Sermon – 09-29-19 – Proper 21 – Cycle C
Scripture: Amos 6:1a, 4-7; Psalm 146; 1 Timothy 6:6-19; Luke 16:19-31
Sermon Title: “Which One: Lazarus or the Rich Man”
The Insolent People and the Impoverished People. I typed “insolent” into my search engine and the first choice was “Insolent at Amazon!” How funny! Like I could buy “insolence” at Amazon. I guess it applies. But I was looking for the meaning of “insolent” to be sure I was on base. It means “proud, arrogant, haughty, lordly, overbearing, supercilious, disdainful, mean, showing scorn for inferiors.” What is an inferior? Who decides who is inferior?
Have you noticed recently that the newspapers and internet news is using the word “entitled” to refer to people who think they are entitled to step on other people. This can refer to wealth but people without wealth who wish they had wealth or are otherwise better than lowlier people can act “entitled.”
You may be saying, “What are you talking about?” An entitled mother lets her child take a toy or food from another child’s hand. An entitled person would break into a line of people waiting their turn. An entitled person would talk badly to a person of a different skin color or a disabled person which is bad enough but does it in front of children, especially his or her own children. An entitled person pays great sums of money to have their children accepted, without qualifying, into schools of high reputation. Those people are currently being punished.. I have not heard how the universities will be punished. Maybe I have missed that. Have you heard?
Moving on, or should I say backward, an entitled person would sit at a table laden with expensive food and deny the crumbs to a person who needs food and medical attention. Yes, the Rich Man and Lazarus! I foolishly love this story. It is so decisive. So right and wrong. I always take the side of Lazarus, the poor, pathetic person. Someone help him immediately! Well, God really turned the table on these characters. The Rich Man sitting on a chair at a table laden with sumptuous food while at the gate to his estate lay a man covered with sores. The only pity and mercy he received was from the dogs who licked his sores and probably aided in healing them.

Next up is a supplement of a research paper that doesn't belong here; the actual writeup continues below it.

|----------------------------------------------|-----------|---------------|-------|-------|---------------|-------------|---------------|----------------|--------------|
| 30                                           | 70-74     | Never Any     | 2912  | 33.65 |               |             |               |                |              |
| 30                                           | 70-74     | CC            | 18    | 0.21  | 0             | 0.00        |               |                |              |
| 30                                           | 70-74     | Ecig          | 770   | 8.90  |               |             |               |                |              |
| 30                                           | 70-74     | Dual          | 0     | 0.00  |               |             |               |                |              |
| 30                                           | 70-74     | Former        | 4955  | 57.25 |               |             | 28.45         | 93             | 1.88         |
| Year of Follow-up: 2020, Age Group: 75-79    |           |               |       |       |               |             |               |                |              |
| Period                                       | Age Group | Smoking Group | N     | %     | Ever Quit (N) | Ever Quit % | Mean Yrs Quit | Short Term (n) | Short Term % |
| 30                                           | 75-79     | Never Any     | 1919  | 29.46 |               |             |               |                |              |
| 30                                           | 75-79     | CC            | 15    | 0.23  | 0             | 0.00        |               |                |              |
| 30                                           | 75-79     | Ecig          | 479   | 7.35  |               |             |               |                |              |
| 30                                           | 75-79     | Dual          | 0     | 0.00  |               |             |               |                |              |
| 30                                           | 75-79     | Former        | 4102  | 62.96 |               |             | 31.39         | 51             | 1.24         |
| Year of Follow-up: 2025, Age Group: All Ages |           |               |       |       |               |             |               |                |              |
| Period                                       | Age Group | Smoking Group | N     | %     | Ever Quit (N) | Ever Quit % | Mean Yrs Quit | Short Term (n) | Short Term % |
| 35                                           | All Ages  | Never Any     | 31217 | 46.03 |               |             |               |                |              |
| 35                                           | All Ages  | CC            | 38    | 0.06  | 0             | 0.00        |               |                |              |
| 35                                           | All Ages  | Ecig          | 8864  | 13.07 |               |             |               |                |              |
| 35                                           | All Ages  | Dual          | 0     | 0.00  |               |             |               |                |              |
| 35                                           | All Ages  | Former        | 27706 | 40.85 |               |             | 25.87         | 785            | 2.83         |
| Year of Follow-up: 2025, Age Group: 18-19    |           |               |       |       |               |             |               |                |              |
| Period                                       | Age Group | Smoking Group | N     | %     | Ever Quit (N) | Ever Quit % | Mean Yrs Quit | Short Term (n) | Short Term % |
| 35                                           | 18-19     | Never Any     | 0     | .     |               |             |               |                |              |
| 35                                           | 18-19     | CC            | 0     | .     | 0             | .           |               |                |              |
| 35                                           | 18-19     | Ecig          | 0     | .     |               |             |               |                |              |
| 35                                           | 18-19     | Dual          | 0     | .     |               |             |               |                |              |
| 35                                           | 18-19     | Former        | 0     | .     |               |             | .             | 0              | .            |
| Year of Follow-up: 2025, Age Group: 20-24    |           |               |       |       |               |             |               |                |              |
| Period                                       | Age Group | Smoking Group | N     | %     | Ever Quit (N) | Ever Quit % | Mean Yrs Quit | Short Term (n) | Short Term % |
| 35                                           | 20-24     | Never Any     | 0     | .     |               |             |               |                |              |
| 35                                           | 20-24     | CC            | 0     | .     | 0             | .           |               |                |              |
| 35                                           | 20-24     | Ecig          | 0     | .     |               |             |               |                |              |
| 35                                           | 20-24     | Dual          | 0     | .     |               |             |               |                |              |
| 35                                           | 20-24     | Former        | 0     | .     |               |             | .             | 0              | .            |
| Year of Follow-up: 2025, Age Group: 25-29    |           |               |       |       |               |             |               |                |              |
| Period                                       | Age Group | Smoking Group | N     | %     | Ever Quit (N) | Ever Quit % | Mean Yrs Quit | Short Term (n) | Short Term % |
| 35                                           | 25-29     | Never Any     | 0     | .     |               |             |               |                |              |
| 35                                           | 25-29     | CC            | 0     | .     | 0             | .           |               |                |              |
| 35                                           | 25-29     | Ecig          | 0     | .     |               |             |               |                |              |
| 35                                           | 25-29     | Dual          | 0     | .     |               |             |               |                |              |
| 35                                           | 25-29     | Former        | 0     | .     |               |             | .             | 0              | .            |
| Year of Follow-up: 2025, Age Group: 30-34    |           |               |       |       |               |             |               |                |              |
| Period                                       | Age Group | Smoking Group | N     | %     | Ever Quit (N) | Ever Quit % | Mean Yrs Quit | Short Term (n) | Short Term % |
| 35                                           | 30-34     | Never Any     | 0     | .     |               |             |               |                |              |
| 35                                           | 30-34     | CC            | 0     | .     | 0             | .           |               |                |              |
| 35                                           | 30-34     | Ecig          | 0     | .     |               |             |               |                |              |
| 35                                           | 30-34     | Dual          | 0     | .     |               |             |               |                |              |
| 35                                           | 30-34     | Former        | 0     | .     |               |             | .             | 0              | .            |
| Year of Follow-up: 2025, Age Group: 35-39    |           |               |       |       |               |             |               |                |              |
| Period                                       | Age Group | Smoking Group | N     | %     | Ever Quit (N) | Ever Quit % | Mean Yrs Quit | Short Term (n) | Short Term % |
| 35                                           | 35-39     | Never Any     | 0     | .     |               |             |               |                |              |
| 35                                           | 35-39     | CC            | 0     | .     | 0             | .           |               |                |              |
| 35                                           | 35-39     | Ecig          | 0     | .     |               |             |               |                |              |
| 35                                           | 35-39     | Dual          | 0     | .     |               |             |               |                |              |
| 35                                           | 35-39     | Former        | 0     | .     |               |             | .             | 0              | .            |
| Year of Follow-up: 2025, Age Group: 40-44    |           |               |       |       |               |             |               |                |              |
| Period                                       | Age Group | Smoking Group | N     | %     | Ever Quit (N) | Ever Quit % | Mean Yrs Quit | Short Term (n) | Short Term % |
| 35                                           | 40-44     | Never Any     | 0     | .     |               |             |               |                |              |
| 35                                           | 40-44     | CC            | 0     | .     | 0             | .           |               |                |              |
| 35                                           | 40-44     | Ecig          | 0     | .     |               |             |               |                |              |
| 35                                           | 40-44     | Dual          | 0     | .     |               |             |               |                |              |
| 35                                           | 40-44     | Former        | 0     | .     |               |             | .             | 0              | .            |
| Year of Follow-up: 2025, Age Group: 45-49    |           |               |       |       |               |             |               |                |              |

How did God turn the table on these characters in his story? Eventually these two men died. One went to heaven and one went to hell. Surely, you can guess how the table was turned. The Rich Man is no longer sitting on a chair at a table full of food. He is under the table without a chair – way under. In hell. Flames all around, carelessly not caring where they crept, Rich Man or not. The Rich Man still thinks that he is better than Lazarus. He begs for Lazarus to come to him to give him water. Imagine!
Oh, yes. Where is Lazarus? Yes, he is sitting at heaven’s table next to Abraham who is the most important person at the table or so the religious people of the time thought. Lazarus is the honored guest beside Abraham. The table is turned but Rich Man is not resigned to this particular turn of events. When the Rich Man expects Lazarus to be sent to him in hell to comfort Rich Man, Abraham says in no uncertain terms that the chasm is too great. Abraham continues by saying that Rich Man had his chance. It is now too late!
To the Rich Man’s credit, he does seem to care for his own brothers. He begs Abraham to warn Rich Man’s brothers about this awful place so they don’t also end their lives licked by flames.